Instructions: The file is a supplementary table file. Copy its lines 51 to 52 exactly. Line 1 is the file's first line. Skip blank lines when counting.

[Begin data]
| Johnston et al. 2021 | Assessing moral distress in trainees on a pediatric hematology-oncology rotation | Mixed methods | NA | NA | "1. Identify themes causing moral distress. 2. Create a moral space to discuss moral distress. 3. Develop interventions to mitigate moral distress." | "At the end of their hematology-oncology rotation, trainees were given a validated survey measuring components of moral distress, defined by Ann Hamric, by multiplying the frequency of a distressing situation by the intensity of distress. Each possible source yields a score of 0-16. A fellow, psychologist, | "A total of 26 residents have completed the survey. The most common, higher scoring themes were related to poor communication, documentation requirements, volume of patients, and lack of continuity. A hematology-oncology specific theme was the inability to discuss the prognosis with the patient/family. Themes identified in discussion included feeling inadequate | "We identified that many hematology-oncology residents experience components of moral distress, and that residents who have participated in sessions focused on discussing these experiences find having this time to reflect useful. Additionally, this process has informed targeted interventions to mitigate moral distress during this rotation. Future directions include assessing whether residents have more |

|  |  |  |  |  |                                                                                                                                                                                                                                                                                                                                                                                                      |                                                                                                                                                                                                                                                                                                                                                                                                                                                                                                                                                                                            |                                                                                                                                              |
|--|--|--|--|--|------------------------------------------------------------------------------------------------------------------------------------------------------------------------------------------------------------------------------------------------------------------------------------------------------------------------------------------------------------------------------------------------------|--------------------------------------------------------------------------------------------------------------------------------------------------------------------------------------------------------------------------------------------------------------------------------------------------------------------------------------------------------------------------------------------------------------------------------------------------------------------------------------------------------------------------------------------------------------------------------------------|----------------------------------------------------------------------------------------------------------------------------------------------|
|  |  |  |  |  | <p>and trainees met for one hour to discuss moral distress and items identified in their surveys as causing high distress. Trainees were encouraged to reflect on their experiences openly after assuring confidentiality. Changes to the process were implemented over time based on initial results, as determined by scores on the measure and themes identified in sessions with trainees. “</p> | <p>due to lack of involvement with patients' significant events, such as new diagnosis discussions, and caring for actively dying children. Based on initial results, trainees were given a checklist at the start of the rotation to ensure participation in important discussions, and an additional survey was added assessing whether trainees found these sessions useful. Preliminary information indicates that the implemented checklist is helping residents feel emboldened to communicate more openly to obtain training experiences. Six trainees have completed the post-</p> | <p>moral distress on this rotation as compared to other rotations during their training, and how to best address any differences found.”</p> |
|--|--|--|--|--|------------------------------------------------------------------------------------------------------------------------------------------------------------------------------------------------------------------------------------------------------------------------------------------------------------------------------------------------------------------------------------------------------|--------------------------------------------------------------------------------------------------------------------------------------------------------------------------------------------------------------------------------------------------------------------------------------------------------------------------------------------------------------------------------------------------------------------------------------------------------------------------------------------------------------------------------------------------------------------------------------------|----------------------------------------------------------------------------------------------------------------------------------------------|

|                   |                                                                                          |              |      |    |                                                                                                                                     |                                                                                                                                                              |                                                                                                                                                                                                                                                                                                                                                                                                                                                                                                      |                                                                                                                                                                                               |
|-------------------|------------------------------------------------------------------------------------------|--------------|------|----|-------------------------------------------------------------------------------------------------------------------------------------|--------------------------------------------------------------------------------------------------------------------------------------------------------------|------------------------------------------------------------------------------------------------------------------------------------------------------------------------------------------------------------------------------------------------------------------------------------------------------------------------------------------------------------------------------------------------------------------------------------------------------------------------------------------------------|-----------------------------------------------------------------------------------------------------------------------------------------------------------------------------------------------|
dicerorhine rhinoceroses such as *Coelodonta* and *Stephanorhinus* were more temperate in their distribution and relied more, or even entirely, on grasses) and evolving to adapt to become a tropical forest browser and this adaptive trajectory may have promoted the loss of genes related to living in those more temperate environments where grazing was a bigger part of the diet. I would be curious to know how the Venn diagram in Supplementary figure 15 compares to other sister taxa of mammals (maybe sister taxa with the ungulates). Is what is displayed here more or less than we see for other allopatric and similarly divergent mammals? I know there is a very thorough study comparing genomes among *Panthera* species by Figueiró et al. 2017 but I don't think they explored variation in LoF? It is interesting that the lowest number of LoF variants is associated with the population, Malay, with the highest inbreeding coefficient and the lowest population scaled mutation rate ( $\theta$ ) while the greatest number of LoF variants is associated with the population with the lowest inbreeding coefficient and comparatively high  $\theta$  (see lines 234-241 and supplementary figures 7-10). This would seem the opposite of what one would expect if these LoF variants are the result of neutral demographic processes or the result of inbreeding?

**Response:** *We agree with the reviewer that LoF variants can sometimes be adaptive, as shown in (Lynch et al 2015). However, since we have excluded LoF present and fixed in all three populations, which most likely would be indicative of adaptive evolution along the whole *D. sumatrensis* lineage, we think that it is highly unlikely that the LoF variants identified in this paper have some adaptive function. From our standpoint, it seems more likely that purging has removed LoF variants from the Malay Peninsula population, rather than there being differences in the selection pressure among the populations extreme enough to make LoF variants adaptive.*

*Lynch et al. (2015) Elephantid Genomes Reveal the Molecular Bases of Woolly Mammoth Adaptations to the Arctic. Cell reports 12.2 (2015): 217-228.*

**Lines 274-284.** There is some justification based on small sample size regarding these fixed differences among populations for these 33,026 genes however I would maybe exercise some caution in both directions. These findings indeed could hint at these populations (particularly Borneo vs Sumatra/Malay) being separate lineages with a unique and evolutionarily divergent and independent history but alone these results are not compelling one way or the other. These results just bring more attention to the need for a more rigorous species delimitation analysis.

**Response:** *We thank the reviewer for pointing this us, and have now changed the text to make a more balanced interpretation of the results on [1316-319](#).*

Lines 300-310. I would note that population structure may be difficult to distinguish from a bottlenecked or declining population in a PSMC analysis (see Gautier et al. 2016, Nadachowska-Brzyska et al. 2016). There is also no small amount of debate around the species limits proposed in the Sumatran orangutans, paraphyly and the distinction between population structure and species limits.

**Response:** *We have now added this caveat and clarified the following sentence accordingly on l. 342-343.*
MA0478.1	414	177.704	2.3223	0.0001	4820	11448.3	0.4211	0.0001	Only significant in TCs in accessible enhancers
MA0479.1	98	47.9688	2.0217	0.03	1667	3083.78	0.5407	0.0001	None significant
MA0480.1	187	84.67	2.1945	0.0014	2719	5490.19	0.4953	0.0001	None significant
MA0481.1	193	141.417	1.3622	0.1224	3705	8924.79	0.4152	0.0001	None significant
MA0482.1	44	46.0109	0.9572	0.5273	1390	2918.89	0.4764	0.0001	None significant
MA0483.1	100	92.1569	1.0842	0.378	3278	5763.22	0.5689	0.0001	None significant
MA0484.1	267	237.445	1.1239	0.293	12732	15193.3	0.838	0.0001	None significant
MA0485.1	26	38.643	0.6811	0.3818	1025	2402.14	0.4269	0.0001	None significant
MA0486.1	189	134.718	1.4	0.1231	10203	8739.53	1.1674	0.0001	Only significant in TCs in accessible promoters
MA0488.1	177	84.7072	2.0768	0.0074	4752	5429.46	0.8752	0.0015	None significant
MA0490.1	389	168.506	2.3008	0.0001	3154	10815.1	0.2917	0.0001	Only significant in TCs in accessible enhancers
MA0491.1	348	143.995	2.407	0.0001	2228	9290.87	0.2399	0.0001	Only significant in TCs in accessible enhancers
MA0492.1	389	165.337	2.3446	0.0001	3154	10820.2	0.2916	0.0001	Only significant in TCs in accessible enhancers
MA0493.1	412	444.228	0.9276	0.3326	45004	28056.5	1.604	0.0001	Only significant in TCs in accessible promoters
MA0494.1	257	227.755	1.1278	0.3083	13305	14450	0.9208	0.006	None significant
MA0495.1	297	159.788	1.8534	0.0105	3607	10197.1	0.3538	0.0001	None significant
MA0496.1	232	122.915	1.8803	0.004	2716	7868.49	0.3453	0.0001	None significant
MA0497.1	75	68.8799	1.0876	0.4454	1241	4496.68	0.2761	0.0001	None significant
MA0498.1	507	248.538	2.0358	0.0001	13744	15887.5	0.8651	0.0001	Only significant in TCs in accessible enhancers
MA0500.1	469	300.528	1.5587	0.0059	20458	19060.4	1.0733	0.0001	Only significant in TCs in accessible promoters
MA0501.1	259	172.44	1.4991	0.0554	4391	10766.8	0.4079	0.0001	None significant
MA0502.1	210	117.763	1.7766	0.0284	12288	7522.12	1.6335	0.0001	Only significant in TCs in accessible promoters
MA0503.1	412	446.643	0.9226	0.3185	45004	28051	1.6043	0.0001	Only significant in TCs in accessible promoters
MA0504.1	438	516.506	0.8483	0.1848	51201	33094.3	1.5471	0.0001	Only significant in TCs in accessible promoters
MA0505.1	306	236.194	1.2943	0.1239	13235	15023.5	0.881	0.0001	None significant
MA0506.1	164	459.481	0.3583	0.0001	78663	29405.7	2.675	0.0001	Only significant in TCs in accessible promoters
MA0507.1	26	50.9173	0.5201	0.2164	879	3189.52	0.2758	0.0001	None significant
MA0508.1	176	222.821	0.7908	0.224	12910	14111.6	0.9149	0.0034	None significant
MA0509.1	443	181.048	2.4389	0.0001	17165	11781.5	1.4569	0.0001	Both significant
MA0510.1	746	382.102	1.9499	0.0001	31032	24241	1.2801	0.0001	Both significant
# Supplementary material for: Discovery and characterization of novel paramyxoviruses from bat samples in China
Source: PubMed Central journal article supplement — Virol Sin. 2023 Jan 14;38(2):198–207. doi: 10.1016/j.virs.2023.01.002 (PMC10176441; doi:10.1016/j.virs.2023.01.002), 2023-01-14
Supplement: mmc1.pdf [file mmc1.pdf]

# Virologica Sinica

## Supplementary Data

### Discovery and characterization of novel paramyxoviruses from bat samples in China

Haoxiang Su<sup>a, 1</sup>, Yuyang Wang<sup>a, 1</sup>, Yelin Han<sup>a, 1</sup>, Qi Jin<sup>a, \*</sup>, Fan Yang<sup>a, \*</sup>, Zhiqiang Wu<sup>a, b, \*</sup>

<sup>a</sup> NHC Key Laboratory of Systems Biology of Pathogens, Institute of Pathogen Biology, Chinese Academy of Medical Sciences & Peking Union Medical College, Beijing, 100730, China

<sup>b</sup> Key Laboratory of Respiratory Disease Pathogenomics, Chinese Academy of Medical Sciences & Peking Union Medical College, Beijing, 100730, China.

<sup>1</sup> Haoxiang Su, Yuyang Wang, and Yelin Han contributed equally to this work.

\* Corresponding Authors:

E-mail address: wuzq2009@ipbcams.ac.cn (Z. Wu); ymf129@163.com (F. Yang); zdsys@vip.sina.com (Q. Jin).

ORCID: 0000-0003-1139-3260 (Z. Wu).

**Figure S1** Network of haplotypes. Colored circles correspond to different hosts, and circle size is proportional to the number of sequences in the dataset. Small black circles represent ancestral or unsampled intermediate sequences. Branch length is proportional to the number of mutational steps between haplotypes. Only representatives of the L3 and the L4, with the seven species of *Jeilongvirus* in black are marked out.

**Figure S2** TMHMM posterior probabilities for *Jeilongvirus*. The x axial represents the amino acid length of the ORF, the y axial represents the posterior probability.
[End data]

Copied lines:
Haoxiang Su<sup>a, 1</sup>, Yuyang Wang<sup>a, 1</sup>, Yelin Han<sup>a, 1</sup>, Qi Jin<sup>a, \*</sup>, Fan Yang<sup>a, \*</sup>, Zhiqiang Wu<sup>a, b, \*</sup>

<sup>a</sup> NHC Key Laboratory of Systems Biology of Pathogens, Institute of Pathogen Biology, Chinese Academy of Medical Sciences & Peking Union Medical College, Beijing, 100730, China